To some people (particularly those who are drivers and rarely take public transport) this disruption to service might seem astonishing. To me, it’s comically familiar. Growing up, I used to regularly get the 361 bus to travel to my friend’s house in a tiny far-out village. It stopped in many different farm towns and villages, and was notorious for its lateness, tendency not to show up and the antics of its drivers. I loved that bus, although it was a bloody nightmare. It was the bus we had to get at nine in the morning after a rough night of partying, and journey along those endless winding roads, being thrown between seats, trying our best not to throw up. It was the bus whose driver has, on separate occasions, pulled up by the side of the road to get a chippy, to take a piss in a ditch and to buy a pack of cigarettes (which said driver proceeded to smoke outside of the bus while we waited patiently inside).
Caitlin Moran later added that everyone on the bus was being ‘very British’ and politely pretending that nothing was wrong. I would like to suggest that such awkward manners are less visible during bus travel in Scotland (well, I can’t speak for everywhere, but at least South West Scotland). As soon as the bus driver accidentally stalls, or refuses some twenty-year-old chancer a half, cue the cries of (and I quote) “ya fucking fanny” and “fuck you wee man”, and general laughter and goading from the other passengers. Well, some of us will try to turn our heads, but generally being on a bus seems to be a more raucous affair than it is down south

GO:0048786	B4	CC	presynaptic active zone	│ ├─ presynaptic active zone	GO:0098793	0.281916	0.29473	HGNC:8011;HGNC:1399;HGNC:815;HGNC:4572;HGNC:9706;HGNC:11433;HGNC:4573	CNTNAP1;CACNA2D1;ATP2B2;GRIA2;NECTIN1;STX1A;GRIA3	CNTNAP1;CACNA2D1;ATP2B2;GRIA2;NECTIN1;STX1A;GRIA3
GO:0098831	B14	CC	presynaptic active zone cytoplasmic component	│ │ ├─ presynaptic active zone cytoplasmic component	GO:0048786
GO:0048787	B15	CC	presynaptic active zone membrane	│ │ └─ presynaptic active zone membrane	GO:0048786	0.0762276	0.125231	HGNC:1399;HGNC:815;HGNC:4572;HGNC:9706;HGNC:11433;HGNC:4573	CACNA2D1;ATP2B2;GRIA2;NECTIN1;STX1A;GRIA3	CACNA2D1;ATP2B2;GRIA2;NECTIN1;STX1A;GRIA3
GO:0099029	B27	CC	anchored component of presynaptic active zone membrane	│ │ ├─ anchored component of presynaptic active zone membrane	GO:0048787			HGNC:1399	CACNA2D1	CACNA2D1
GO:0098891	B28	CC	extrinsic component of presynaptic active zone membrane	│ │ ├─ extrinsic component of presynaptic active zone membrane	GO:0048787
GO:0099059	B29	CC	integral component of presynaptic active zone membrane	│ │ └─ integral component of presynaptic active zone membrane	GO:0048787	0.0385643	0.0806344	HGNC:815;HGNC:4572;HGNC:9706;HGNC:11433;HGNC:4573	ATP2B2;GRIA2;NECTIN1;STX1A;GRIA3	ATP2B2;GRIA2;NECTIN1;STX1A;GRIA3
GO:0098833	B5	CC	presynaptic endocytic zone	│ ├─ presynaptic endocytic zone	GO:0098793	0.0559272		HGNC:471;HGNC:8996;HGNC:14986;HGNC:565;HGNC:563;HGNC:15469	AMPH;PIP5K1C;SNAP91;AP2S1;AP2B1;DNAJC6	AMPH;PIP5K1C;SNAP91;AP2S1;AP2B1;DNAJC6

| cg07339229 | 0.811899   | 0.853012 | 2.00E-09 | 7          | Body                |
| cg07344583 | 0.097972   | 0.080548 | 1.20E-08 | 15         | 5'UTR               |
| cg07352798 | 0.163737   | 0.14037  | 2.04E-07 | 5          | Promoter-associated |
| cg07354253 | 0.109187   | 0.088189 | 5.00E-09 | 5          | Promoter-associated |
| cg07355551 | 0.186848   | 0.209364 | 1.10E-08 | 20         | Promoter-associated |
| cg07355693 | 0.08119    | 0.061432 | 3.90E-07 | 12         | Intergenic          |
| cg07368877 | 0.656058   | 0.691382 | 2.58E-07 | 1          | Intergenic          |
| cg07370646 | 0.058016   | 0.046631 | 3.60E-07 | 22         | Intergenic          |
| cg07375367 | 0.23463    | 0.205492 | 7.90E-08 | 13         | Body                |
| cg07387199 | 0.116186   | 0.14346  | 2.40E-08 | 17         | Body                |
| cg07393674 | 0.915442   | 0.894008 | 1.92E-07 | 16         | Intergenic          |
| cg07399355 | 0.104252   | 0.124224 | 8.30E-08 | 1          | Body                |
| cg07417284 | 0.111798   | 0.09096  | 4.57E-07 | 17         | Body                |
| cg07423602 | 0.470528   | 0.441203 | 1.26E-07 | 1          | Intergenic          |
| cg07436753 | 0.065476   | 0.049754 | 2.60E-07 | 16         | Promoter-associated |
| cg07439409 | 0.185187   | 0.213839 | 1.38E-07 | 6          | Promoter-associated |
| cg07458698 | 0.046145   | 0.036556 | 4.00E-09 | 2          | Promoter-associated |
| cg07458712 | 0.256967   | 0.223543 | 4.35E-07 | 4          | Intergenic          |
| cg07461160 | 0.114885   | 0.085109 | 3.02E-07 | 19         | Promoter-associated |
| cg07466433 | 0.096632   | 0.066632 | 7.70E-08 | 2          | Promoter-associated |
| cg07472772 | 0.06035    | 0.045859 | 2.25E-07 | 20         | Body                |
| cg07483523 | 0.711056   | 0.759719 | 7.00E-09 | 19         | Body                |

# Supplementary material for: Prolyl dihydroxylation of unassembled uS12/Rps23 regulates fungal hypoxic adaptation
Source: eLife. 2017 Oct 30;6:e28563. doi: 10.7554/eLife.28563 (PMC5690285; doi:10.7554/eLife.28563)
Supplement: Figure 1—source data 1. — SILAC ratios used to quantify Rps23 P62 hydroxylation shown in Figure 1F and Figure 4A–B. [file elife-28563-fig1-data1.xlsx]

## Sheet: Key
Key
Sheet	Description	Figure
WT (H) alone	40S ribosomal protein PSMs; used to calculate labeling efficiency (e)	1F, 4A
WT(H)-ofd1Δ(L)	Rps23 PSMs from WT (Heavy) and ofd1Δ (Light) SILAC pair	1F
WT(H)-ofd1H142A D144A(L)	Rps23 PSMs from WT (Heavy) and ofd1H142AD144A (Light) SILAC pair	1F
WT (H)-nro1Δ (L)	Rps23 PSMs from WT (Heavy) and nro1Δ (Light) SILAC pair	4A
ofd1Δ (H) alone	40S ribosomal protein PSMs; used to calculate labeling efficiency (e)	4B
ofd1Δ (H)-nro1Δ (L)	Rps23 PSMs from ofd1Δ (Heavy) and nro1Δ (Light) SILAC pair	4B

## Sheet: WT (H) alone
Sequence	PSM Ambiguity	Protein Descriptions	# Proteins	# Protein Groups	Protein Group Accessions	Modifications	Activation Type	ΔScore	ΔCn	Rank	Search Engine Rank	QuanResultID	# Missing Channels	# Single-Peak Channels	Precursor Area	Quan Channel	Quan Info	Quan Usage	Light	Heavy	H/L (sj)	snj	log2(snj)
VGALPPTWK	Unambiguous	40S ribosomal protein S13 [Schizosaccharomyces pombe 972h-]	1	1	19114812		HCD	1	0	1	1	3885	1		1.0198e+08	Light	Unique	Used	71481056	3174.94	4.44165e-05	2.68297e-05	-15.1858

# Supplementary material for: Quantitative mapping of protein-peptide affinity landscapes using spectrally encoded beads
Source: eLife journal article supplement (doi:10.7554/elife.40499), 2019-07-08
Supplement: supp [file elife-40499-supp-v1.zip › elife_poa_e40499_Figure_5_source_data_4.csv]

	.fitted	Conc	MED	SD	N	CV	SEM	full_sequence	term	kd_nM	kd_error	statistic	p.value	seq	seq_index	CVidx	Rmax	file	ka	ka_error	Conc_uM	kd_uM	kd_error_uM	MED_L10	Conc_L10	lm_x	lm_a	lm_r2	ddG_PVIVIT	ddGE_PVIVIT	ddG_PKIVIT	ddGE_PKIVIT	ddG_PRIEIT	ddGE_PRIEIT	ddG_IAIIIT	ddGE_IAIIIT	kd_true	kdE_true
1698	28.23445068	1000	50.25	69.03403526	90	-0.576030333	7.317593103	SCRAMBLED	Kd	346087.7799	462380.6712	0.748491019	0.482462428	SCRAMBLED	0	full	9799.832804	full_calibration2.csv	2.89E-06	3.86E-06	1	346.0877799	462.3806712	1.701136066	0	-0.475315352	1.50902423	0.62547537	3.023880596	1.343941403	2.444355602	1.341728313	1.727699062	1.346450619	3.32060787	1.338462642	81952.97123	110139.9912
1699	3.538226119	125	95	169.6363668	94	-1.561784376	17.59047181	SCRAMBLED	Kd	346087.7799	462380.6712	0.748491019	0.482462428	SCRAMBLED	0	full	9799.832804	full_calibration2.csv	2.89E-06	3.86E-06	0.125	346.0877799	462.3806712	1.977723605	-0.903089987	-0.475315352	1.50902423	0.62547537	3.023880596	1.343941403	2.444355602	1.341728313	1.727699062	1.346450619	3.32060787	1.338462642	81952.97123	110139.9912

Raucous indeed; maybe even adventurous. The notorious 361 was also the bus that one day broke down in the middle of nowhere, while I was on it. Being a highly trained professional, the driver attempted to ring someone ‘in the know’, but succeeded only in engaging what sounded like an exchange of swear words and incomprehensible banter. It being the middle of nowhere, his phone signal then suddenly went and the call was cut off. Said driver left the bus and began angrily kicking at the wheels and inspecting the engine, before standing outside lighting cigarette after cigarette and turning his head around to admire the rural landscape. Meanwhile inside the vehicle, a group of middle aged women on the back seats had pulled out cans of fizzy juice and with conspiratorial giggles were proceeding to top them up from a bottle of vodka. Procuring paper cups from their Farmfoods bags, they offered their concoctions around the bus with much bravado, cursing the uselessness of the driver. As said drive returned to the bus after getting through presumably to his manager, rather than being calmly offered a refund and a possible replacement means of transport, we were told we would have to wait until they could get the sputtering vehicle itself repaired. My friend and I decided it would be miles quicker to walk to the nearest village, where she lived and could provide me with a lift home.